[This summary does not form part of the decision.]
An item on Newshub reported on the world’s first legally recognised Pastafarian wedding between two members of the Church of the Flying Spaghetti Monster (CFSM). The reporter referred to the CFSM as a ‘spoof religion’, and stated, ‘Pastafarians believe that pirates are supreme beings from which all humans evolved, and it’s an official religion’. The Authority did not uphold a complaint that describing the CFSM as a ‘spoof religion’ was denigrating, disrespectful and discriminatory. It took the view that the broadcaster’s reference to the Church as a ‘spoof religion’ was an opinion which was available to be taken and able to be expressed, and that the high threshold required for discrimination and denigration to be established had not been reached. The Authority also did not uphold a complaint that the reference to pirates as ‘supreme beings’ was inaccurate. The comment would have been seen as nonsense which was incidental to the point of the broadcast. The focus of the item was that the Church of the Flying Spaghetti Monster had been authorised to conduct marriage ceremonies and that the world’s first such ceremony had taken place in New Zealand.
Not Upheld: Discrimination and Denigration, Accuracy
 An item on Newshub reported on the world’s first Pastafarian wedding between two members of the Church of the Flying Spaghetti Monster (CFSM). The reporter referred to the CFSM as a ‘spoof religion’, and stated, ‘Pastafarians believe that pirates are supreme beings from which all humans evolved, and it’s an official religion’.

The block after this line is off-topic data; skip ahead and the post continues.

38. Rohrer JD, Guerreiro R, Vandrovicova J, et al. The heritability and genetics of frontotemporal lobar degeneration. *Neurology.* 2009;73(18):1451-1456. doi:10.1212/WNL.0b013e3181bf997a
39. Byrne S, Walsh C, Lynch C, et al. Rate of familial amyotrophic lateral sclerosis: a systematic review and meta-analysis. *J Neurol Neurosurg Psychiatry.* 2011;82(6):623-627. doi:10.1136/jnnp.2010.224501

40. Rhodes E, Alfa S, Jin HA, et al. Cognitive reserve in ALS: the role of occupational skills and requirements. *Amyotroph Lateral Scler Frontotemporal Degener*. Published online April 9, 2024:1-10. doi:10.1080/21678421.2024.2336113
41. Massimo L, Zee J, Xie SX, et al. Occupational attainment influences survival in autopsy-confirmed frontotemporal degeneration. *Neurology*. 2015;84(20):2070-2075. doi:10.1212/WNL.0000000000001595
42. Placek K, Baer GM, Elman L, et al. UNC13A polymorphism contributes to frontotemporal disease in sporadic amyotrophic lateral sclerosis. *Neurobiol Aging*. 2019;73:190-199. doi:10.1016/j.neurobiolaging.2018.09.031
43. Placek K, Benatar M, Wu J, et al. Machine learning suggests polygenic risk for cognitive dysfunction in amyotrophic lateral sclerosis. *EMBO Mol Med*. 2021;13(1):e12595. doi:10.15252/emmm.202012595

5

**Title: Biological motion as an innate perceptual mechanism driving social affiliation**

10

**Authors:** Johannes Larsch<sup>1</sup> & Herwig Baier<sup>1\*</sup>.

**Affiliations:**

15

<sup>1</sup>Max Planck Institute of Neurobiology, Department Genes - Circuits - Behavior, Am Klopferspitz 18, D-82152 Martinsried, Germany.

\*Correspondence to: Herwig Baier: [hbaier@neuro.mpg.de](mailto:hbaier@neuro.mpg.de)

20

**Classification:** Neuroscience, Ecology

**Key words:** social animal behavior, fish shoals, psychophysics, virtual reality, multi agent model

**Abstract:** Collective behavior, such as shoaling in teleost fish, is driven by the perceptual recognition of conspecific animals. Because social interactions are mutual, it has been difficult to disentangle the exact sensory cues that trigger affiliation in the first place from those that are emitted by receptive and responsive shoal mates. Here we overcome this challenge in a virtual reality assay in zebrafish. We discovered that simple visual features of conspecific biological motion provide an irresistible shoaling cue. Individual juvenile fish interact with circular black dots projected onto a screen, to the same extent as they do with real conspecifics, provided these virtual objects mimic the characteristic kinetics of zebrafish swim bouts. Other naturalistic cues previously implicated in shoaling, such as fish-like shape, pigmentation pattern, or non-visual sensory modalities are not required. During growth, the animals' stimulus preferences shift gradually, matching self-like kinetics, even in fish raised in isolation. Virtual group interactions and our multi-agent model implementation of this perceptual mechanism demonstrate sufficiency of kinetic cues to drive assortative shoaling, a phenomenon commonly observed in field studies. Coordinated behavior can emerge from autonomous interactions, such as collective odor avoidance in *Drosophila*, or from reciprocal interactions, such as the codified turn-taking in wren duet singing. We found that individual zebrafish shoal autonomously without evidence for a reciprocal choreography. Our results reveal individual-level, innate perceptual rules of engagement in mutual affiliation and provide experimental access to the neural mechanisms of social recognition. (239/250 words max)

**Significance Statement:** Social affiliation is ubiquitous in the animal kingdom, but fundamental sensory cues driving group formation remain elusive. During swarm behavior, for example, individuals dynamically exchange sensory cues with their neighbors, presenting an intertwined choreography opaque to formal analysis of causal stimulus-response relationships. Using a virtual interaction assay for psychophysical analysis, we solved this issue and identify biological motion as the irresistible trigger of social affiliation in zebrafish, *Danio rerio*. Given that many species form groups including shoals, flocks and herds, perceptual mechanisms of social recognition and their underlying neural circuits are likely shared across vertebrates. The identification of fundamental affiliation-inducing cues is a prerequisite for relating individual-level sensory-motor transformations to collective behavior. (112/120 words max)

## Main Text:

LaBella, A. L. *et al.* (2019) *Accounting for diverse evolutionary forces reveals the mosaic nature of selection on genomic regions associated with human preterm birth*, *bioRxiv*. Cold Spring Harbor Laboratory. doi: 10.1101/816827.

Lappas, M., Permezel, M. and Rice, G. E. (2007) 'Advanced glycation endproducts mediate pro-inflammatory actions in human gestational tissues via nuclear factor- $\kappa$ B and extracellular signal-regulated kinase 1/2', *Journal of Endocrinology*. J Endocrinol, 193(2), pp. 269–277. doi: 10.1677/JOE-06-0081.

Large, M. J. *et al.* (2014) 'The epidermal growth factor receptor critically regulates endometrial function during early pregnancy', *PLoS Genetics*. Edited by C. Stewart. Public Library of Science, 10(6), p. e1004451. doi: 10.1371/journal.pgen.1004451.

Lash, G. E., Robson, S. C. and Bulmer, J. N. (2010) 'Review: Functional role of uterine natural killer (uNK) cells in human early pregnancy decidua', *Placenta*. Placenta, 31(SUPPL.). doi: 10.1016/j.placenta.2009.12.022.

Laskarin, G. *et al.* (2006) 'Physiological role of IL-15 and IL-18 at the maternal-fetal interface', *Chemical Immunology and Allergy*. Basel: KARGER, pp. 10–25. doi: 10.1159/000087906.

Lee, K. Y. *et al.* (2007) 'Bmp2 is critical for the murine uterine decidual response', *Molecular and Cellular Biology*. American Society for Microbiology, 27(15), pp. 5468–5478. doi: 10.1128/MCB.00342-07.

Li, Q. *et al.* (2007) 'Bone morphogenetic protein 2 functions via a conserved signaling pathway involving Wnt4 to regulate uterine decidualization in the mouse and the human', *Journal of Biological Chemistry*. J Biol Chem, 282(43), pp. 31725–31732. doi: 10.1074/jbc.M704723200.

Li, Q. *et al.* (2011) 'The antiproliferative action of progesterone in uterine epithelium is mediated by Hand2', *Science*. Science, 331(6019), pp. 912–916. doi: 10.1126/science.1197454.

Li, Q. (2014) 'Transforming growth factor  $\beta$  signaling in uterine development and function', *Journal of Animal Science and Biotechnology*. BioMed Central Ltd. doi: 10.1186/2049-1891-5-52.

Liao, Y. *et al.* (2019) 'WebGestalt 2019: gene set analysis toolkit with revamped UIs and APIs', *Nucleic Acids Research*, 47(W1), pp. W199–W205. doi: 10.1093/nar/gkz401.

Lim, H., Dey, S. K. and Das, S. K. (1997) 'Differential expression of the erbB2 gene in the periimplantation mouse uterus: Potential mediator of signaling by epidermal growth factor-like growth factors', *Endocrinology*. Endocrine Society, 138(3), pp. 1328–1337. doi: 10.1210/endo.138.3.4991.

Dr Karen Martyn, the celebrant or ‘Ministeroni’ for the wedding, complained that describing the CFSM as a ‘spoof religion’ was denigrating, disrespectful and discriminatory. She also complained that the reference to pirates as ‘supreme beings’ was incorrect, as according to CFSM beliefs, pirates were in fact the ‘first sentient beings’ created by the Flying Spaghetti Monster.
 The issue is whether the broadcast breached the discrimination and denigration and accuracy standards, as set out in the Free-to-Air Television Code of Broadcasting Practice.1
 The item was broadcast on TV3 on 16 April 2016. The members of the Authority have viewed a recording of the broadcast complained about and have read the correspondence listed in the Appendix.
 The objective of the discrimination and denigration standard (Standard 6) is to protect sections of the community from verbal and other attacks. The standard protects against broadcasts which encourage the denigration of, or discrimination against, any section of the community on account of sex, sexual orientation, race, age, disability, occupational status, or as a consequence of legitimate expression of religion, culture or political belief.
 ‘Discrimination’ is defined as encouraging the different treatment of the members of a particular section of the community, to their detriment. ‘Denigration’ is defined as devaluing the reputation of a class of people. A high level of condemnation, often with an element of malice or nastiness, will be necessary to conclude that a broadcast encouraged discrimination or denigration in breach of the standard.2
 Dr Martyn said that the people involved in the broadcast were hurt, humiliated and disappointed with Newshub’s coverage of the event, and she questioned why Newshub would ‘refer to any religion as ‘spoof’ unless they explicitly stated that is what they were (in which case, they would not be a religion)’. She also complained that, in this item, the CFSM and its members’ beliefs were treated differently to the way other ‘more powerful, more popular’ religious beliefs would ordinarily be treated.